Commonwealth Day started life as "Empire Day", but is still sometimes referred to as "Sovereign's Day", the sovereign in question being Queen Victoria. After her death in 1901, her birthday, 24th May, was made an annual holiday in all the countries then belonging to "The British Empire" ("Send her victorious, happy and glorious, long to reign over us..."). In 1958, when most of the countries of this former Empire were enjoying a new, post-colonial relationship with Great Britain as members of "The Commonwealth", it was deemed appropriate to change the name of the day, though its purpose was a fairly similar one.
In Belize, Commonwealth Day is marked officially in schools with special programmes and assemblies and flag-raising ceremonies. The Queen's Commonwealth Day message is often read at these events. It is a National Holiday.
Last week, on the 8th of March, we marked the hundredth anniversary of the first International Women’s Day. The idea of having a women’s day was first proposed against the backdrop of the rapid industrialisation of the early twentieth century. From small beginnings, this idea has grown to become a widely recognised way of celebrating women around the world. While some people use this day to acknowledge the love, admiration and respect for women, others use it to remember the great social and political strides made both by and for women in the last hundred years. There is no right or wrong approach.
In the Commonwealth, every year, 26 million girls are born; and this equates to one new baby girl arriving almost every second of every day. In the time it takes to hold the Commonwealth Observance Service at Westminster Abbey, nearly four thousand girls will have been born in Commonwealth lands. And every one of these births marks the start of a new life, a journey which begins with the hopes of parents, families and communities, and which is continued through the aspirations of those girls themselves.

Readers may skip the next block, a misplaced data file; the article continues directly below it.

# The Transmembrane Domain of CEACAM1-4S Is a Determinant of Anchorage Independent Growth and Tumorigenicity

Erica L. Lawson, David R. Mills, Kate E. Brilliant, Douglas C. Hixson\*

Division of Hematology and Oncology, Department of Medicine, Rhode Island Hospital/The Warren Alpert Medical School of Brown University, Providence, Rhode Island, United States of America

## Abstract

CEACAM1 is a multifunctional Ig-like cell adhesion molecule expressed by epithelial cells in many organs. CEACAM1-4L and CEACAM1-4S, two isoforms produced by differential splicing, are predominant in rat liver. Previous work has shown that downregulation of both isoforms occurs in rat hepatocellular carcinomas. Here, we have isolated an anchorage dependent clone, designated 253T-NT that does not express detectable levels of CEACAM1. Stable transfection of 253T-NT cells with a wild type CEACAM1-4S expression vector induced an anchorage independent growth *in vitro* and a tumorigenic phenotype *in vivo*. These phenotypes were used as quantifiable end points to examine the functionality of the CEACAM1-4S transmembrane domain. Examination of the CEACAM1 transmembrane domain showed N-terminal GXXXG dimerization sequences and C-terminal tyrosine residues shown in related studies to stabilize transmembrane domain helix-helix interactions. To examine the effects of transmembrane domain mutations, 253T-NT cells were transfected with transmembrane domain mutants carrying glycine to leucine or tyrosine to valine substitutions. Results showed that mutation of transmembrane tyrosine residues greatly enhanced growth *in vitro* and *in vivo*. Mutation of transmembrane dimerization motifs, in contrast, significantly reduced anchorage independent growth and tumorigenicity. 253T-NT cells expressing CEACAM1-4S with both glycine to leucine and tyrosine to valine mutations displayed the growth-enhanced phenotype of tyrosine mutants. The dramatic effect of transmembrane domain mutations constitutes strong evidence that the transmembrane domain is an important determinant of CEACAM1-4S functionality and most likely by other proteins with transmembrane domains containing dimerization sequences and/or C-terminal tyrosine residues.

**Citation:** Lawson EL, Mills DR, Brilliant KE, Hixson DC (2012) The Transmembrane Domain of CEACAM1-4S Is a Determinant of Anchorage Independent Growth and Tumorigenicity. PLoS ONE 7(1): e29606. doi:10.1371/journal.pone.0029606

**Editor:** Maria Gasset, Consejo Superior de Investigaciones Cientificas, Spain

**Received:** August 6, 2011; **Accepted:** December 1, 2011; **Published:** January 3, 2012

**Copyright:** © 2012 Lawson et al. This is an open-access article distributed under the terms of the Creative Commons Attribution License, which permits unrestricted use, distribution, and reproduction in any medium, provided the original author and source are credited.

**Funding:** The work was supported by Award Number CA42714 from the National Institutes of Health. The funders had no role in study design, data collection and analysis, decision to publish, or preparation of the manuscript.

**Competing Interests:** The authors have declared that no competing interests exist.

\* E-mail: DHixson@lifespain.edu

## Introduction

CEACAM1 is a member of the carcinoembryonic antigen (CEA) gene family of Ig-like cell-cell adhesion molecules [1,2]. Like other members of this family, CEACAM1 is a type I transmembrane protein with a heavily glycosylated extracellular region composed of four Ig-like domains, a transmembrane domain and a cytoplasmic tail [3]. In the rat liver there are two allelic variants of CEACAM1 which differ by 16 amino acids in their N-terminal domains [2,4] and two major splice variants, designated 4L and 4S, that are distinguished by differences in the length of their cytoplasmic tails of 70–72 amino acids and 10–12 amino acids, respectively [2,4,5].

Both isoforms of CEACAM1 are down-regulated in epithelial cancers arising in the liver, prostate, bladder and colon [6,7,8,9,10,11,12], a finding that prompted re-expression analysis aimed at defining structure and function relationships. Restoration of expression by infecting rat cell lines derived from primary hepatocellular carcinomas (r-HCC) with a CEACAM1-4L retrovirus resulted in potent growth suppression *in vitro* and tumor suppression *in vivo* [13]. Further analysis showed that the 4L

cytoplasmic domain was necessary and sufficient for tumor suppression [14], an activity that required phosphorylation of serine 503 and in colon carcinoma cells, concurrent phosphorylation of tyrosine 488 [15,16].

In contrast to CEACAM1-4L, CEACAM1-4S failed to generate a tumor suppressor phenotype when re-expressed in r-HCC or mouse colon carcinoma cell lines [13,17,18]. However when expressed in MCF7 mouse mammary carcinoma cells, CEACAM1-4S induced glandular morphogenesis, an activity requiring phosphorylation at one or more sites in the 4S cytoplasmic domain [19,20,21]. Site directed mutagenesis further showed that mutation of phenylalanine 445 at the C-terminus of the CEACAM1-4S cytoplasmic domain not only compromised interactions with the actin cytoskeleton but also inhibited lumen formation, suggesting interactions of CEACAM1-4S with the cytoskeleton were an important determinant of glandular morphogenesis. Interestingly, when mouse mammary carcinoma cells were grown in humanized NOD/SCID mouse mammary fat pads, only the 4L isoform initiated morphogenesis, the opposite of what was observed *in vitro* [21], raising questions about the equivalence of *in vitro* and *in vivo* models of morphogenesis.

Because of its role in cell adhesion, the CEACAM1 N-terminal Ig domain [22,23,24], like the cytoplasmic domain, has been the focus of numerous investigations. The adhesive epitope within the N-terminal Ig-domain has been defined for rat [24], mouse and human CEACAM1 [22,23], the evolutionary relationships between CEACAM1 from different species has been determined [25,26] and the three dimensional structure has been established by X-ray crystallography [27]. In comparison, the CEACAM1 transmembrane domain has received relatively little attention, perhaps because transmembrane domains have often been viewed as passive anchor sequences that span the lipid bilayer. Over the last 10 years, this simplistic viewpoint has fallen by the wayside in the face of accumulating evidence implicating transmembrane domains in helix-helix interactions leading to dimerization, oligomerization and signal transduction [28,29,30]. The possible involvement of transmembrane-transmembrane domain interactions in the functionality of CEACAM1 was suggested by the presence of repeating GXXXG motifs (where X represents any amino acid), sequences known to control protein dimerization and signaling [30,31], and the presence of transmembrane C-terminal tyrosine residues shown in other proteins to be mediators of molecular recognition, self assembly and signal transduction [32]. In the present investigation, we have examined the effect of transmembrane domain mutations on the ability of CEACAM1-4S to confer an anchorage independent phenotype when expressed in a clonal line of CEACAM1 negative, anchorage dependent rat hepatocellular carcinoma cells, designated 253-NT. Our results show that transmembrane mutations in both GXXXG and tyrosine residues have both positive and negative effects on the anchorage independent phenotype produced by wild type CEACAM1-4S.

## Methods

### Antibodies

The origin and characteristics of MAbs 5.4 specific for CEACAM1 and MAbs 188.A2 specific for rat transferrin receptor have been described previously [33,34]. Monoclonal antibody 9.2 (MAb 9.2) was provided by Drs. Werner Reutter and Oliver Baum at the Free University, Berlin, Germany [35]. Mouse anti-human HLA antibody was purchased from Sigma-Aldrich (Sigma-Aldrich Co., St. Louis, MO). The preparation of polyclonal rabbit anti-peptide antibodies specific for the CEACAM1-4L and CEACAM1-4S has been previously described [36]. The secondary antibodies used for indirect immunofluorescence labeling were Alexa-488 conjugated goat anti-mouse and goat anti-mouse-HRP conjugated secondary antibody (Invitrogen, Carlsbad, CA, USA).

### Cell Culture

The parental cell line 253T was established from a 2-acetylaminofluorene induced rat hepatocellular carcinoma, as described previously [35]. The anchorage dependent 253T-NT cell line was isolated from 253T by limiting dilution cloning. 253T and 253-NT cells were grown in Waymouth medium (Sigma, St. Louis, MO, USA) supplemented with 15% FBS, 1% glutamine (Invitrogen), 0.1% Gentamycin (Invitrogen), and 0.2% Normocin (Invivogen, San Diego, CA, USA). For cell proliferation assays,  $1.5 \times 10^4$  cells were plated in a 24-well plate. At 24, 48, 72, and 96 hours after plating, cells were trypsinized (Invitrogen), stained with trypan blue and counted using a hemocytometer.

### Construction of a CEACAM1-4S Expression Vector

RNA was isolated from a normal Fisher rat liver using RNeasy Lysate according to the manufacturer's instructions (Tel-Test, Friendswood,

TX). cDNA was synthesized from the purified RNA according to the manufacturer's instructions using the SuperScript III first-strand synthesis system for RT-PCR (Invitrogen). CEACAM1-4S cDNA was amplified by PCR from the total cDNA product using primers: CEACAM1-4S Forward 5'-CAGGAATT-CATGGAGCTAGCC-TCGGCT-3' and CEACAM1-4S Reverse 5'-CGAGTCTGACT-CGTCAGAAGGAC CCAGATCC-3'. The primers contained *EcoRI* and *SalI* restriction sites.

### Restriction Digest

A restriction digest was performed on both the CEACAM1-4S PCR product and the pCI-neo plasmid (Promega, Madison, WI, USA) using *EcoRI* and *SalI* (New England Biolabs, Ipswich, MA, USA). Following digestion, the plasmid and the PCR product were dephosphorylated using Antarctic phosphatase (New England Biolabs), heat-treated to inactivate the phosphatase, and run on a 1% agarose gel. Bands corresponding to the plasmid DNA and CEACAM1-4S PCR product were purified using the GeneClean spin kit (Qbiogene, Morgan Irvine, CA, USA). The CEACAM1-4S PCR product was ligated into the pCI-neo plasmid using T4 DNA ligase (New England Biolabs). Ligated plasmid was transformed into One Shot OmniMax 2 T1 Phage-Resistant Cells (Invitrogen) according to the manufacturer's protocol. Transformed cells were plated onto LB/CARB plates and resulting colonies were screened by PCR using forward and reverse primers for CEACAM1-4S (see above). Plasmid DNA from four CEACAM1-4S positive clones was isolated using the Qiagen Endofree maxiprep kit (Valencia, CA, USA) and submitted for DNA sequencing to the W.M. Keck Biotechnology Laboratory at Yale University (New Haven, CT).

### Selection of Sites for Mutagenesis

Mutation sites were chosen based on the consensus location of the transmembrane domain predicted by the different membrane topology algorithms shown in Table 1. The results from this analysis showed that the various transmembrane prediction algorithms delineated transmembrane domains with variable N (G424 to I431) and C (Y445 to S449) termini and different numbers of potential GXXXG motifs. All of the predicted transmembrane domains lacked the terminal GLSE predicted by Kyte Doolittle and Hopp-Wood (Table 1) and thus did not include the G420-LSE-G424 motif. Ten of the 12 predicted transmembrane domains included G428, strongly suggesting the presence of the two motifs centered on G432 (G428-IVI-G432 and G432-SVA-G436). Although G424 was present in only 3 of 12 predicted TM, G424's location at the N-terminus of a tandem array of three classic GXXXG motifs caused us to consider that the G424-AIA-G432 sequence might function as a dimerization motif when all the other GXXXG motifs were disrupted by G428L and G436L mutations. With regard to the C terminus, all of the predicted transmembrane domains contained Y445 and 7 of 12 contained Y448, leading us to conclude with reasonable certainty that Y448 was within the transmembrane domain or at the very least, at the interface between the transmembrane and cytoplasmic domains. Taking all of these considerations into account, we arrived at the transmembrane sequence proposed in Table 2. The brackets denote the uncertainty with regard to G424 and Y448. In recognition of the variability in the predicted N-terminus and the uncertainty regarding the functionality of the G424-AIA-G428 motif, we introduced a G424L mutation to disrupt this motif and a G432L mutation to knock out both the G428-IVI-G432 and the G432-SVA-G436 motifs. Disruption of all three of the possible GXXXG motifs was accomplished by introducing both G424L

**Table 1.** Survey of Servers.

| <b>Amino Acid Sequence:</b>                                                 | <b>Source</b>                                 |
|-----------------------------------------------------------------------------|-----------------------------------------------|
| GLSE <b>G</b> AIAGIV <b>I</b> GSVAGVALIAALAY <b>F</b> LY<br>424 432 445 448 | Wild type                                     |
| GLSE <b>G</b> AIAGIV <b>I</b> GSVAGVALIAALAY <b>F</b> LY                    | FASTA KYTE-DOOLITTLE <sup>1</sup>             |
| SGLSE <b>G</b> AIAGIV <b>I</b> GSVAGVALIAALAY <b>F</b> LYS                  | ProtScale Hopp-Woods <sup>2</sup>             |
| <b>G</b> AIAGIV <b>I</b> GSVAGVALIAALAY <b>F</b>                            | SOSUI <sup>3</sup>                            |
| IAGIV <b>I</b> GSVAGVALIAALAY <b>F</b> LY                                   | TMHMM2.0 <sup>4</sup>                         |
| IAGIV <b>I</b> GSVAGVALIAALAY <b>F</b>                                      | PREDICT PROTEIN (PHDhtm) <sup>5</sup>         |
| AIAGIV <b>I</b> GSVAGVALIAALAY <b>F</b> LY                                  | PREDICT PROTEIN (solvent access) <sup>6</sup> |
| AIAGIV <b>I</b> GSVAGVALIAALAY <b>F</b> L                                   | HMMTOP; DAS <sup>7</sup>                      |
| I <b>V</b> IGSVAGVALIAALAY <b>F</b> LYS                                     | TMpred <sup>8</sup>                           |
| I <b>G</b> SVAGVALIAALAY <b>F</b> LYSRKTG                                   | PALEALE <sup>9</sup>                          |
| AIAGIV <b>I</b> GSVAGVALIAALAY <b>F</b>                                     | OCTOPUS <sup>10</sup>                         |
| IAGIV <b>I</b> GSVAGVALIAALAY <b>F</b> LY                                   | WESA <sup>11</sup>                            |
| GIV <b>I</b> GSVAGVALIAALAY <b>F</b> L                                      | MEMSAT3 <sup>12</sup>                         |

This year, the Commonwealth celebrates the important role that women already play in every walk of life and in every Commonwealth country – from the richest to the poorest areas, across continents and oceans, from villages to places of international debate, in every culture and faith – recognising that women are ‘agents of change’ in so many ways: as mothers and sisters, teachers and doctors, artists and craftspeople, smallholders and entrepreneurs, and as leaders of our societies, unleashing the potential of those around them.
And also this year, the Commonwealth reflects on what more could be achieved if women were able to play an even larger role. For example, I am encouraged that last year the Commonwealth launched a global effort to train and support half a million more midwives worldwide.
In all this work the commendable goal is to create a greater opportunity for women as children and adults to pursue their hopes and dreams, to attain their goals, and to make best use of their talents and knowledge.
This year, and on Commonwealth Day especially, as governments continue to search for new ways to tackle these important challenges, let us all give a thought to the practical ways in which we, as individuals or as groups, can provide support to girls and women – so that everyone can have a chance of a fuller and more rewarding life, wherever they happen to be born.